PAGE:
Is jumping over Rust stack frames UB in a context of FFI?

I have a following use-case: C program links to Rust library. During execution the following thing may happen:

  • C uses setjmp as a restoration point
  • C calls Rust
    • Rust calls back to C
  • C encounters an error and makes a longjmp back to the point previously saved in C

I do understand that by doing this non of Rust's memory is freed (and non of the Drop impls are called). While I can partially work around the memory issue I am wondering if I should consider skipping over Rust stack frames being an undefined behavior? Or is it limited only to memory allocation and Drop not being called in such case?

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See:

tl;dr: It has been tried to make unwinding past rust code abort. However setjmp/longjmp uses unwinding on Windows, which meant that a project using setjmp/longjmp broke on Windows. There is currently a discussion about how to support unwinding between rust and C without preventing some optimizations and without having to commit to a certian panic implementation. (We may want to use something other than DWARF/SEH unwinding in the future)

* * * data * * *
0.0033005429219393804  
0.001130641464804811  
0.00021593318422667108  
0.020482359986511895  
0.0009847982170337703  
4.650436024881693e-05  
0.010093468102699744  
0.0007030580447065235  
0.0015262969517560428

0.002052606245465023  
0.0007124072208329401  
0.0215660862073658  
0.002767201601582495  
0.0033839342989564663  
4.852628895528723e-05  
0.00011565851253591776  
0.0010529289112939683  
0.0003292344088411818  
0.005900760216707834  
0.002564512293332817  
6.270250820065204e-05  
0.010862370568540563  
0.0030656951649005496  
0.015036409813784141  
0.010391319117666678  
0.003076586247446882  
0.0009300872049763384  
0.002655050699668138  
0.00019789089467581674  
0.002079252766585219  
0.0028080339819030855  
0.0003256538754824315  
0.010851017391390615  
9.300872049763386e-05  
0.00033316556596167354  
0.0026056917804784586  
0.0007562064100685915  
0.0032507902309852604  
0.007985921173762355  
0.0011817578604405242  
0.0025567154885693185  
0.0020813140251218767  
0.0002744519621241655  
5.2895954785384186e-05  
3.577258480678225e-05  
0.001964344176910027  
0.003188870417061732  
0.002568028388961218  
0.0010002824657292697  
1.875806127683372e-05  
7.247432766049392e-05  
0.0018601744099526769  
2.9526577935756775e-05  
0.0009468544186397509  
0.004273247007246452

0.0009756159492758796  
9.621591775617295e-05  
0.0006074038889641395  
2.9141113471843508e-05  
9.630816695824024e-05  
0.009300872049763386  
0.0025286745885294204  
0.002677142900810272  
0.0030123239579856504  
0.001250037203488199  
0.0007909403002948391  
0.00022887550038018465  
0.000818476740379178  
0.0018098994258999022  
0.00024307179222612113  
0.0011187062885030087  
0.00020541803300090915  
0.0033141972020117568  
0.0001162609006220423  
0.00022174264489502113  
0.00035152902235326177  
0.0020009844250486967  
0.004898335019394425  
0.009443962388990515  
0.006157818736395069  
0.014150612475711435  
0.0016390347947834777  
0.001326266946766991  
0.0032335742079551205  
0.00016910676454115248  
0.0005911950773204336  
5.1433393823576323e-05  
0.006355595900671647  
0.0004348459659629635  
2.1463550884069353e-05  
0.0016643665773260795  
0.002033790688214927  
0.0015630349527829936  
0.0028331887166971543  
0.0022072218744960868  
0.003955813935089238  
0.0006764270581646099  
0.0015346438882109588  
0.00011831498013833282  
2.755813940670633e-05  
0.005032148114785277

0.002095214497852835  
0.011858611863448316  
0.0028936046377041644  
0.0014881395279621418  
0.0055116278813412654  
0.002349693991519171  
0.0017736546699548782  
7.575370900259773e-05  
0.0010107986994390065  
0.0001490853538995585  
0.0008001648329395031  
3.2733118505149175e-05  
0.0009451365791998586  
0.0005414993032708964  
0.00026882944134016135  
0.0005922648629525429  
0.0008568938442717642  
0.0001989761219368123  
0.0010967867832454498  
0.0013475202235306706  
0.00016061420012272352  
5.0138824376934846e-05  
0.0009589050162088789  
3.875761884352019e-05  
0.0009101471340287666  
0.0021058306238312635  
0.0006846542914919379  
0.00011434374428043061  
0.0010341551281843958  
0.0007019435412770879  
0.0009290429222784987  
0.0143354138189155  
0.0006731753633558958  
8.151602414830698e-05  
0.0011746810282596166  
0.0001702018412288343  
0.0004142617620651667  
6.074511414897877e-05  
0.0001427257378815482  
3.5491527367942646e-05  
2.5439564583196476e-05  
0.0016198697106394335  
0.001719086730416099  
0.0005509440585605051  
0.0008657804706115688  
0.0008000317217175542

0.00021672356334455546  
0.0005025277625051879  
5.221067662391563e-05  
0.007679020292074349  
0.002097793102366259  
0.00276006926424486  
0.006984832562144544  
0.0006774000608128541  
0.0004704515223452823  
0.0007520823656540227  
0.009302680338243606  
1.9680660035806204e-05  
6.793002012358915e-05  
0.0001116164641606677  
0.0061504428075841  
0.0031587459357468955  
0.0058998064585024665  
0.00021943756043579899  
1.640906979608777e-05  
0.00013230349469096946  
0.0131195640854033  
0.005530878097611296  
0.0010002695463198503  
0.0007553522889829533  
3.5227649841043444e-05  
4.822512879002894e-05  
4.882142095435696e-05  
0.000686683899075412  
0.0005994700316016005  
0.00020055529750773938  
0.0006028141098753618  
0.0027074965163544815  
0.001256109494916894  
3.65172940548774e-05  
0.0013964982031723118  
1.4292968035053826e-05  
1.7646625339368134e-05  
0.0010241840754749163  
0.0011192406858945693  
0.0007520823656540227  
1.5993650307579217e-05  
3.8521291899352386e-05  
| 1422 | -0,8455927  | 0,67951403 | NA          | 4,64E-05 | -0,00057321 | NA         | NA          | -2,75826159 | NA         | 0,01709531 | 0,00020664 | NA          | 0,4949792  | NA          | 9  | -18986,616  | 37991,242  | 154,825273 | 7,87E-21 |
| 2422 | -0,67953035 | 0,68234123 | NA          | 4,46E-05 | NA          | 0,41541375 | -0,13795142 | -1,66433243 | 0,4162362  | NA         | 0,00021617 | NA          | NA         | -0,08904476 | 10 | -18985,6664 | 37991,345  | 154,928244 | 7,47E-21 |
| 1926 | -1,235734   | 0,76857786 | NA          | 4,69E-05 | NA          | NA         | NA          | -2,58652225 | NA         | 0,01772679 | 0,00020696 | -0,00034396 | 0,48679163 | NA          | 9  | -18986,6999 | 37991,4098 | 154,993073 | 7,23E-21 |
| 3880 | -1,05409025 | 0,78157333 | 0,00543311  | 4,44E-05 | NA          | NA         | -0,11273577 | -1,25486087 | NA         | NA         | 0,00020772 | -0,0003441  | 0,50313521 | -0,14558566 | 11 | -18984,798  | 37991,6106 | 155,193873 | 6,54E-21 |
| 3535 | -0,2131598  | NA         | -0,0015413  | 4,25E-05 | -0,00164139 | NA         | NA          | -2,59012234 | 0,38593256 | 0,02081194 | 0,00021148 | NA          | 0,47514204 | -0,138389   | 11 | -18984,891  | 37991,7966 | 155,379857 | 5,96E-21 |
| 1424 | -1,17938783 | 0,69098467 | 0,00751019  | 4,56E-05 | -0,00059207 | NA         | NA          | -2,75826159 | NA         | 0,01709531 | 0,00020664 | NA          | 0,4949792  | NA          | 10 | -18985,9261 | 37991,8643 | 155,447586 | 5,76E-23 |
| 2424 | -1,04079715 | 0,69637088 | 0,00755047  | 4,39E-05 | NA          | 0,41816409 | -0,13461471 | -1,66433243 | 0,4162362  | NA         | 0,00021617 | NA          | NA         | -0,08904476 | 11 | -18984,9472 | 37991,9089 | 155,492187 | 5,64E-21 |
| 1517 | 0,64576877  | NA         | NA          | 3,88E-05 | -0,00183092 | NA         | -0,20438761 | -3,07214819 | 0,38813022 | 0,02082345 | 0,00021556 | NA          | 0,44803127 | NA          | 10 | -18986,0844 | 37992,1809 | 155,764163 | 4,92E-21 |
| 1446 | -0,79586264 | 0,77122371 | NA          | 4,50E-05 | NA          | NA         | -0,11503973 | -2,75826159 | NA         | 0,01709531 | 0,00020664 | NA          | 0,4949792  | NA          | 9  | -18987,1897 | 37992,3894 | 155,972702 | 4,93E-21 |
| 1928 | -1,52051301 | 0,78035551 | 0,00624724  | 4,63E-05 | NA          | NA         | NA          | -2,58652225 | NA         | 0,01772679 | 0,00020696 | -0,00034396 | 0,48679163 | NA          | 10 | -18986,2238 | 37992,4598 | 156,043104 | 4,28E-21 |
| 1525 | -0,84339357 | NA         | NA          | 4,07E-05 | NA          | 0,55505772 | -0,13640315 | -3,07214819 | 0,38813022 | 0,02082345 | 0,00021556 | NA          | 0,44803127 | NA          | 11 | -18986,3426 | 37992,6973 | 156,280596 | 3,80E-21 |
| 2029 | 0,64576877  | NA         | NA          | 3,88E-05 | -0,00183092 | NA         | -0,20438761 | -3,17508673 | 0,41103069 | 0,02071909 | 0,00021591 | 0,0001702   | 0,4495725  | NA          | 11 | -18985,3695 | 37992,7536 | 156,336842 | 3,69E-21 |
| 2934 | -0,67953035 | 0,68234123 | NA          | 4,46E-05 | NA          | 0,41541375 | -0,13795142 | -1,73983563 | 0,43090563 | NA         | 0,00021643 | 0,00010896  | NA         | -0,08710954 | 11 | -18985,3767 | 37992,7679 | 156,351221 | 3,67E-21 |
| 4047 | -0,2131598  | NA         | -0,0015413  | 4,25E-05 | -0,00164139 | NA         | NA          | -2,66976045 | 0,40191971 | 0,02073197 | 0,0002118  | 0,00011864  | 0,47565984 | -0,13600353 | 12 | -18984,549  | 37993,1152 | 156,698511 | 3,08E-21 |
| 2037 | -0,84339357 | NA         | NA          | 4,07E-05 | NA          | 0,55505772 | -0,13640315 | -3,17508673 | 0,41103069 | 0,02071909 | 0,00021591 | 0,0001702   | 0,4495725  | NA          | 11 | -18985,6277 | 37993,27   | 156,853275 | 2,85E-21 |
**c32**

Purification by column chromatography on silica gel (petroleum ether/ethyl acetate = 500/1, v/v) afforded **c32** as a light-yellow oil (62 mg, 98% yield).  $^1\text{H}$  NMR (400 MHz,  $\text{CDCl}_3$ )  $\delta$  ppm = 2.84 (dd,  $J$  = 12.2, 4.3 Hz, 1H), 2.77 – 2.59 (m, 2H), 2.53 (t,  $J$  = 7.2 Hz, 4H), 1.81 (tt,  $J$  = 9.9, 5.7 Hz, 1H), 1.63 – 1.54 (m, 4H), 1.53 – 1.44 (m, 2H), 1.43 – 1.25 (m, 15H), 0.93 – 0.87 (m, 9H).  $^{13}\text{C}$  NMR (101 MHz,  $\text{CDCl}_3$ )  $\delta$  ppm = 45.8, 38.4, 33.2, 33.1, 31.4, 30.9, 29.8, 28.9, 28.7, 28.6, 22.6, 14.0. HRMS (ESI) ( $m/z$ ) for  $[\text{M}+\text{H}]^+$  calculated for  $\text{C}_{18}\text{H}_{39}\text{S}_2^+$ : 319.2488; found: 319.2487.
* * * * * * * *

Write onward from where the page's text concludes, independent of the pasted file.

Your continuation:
Conclusion: you should avoid it at least for the time being.

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The original bug on Windows has been fixed! @alexcrichton has stated that "you can always longjmp across rust frames".

If you're interested in using unwinding with destructors across FFI boundaries, you can do so on nightly using an unstable annotation, #[unwind(allowed)] . There is indeed a team working on providing a stable way to do this, though; if you'd like to help out, provide input/feedback/use-cases, or just monitor progress, our repo is where to start.

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Thanks @bjorn3 for all the links. Give me a lot of insights into the whole topic but still a lot to process.

@BatmanAoD this is what I was looking for. I think I have got a clearer mental picture of what can/canno happen if the C code I am trying to call will longjmp. The library I am trying to interoperate with is PHP's internals. Last but probably not least, this jump happens during memory allocation so it is called from within GlobalAllocator. Still need to prove if/what kind of consequences this will have.

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